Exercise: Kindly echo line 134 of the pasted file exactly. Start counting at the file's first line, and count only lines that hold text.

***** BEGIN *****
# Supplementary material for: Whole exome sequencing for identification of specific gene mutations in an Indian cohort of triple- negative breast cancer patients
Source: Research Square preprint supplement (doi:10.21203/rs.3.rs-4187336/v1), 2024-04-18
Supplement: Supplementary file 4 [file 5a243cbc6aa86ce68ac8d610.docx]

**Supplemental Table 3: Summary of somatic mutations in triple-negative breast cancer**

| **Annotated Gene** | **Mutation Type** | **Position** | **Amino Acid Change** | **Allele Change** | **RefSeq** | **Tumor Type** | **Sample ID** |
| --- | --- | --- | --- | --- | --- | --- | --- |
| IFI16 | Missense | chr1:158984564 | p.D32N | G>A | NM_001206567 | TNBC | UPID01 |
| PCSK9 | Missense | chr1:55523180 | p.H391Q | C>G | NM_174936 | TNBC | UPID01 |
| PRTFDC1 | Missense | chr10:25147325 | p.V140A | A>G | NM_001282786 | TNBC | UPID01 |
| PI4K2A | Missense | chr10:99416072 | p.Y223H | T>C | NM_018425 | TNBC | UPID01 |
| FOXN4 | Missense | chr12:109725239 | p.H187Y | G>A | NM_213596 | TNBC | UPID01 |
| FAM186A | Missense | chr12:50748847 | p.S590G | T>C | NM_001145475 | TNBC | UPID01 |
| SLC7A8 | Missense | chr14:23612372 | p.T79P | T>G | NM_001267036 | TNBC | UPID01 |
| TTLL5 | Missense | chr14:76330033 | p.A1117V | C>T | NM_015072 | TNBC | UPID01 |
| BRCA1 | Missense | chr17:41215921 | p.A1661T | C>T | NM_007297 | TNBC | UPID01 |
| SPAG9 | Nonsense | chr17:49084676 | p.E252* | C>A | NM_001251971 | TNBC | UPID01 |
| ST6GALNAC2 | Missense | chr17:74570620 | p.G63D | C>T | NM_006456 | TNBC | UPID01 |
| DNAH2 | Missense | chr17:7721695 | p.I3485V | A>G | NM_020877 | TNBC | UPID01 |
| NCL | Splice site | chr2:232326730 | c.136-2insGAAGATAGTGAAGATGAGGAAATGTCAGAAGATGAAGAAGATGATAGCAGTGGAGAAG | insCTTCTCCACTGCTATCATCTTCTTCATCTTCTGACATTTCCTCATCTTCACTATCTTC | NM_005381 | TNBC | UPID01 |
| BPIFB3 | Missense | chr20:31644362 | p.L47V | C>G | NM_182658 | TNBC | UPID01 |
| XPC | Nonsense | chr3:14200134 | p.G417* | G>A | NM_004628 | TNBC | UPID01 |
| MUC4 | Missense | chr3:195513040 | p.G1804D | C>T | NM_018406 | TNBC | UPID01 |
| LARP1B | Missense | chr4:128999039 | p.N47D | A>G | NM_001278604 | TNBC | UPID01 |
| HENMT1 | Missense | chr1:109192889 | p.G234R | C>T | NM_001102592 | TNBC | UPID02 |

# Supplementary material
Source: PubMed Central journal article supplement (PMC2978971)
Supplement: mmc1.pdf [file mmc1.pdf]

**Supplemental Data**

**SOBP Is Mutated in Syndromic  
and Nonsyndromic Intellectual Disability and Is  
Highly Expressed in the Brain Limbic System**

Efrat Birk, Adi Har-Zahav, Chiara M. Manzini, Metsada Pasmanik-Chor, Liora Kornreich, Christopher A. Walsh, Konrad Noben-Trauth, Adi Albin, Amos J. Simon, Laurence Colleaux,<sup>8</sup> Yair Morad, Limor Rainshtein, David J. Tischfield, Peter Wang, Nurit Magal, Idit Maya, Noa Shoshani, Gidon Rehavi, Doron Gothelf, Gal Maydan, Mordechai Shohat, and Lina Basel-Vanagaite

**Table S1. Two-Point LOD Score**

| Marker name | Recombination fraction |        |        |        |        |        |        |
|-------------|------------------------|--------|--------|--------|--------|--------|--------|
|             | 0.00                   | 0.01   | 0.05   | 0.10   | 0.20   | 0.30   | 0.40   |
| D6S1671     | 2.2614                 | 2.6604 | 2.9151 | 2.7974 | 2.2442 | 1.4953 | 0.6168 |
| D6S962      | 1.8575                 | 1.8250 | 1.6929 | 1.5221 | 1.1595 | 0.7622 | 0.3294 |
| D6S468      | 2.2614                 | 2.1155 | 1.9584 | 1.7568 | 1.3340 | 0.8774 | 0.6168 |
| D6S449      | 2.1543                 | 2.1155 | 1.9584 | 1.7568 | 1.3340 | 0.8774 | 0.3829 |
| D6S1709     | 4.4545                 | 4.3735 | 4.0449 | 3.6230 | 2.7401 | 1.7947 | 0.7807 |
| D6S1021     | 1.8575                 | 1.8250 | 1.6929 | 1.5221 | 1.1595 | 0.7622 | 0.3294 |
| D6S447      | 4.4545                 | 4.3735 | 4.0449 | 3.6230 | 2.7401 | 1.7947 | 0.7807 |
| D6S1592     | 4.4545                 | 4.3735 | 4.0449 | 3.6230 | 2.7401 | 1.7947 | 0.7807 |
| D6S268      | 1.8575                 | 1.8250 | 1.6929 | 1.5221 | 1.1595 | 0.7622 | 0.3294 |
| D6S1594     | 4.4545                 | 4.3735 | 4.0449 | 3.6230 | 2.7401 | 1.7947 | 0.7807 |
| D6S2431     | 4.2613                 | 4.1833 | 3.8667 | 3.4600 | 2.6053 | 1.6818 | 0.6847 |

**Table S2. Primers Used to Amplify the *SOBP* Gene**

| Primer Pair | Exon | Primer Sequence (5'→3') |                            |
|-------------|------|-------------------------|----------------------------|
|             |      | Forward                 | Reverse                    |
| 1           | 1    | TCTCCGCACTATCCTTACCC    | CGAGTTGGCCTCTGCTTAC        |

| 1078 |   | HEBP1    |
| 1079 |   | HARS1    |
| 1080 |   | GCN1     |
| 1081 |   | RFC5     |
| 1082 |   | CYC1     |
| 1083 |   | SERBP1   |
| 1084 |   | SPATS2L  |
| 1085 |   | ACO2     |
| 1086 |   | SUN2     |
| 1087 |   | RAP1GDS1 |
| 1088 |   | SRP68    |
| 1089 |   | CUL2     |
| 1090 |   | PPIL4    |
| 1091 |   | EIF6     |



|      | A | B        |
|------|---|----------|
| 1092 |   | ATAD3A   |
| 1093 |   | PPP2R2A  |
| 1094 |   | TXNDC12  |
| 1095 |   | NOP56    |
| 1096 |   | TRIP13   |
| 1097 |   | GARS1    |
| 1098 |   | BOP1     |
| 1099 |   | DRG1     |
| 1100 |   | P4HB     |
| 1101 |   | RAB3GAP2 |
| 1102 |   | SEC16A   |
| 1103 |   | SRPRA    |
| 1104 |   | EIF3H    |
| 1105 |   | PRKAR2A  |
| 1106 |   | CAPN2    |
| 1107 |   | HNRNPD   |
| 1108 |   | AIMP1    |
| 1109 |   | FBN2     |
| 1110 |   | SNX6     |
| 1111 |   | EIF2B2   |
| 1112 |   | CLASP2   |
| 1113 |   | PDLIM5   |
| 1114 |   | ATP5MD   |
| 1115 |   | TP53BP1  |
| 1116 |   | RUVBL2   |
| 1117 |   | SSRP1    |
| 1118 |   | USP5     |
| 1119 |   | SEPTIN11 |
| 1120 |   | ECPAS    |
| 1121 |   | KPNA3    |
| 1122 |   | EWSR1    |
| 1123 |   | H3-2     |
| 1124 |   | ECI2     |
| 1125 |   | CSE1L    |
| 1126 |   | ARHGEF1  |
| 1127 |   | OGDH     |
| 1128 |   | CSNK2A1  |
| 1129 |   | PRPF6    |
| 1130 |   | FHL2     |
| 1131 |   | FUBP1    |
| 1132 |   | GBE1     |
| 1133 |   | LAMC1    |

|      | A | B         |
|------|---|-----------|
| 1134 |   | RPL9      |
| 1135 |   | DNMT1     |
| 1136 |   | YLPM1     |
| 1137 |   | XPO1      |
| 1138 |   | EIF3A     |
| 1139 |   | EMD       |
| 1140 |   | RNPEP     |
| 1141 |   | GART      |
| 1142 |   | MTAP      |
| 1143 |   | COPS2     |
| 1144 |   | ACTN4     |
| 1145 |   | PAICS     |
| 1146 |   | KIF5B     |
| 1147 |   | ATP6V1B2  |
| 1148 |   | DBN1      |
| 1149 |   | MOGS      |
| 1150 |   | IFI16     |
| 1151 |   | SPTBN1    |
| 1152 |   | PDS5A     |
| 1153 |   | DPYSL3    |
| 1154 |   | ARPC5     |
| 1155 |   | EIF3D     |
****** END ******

| 1155 |   | EIF3D     |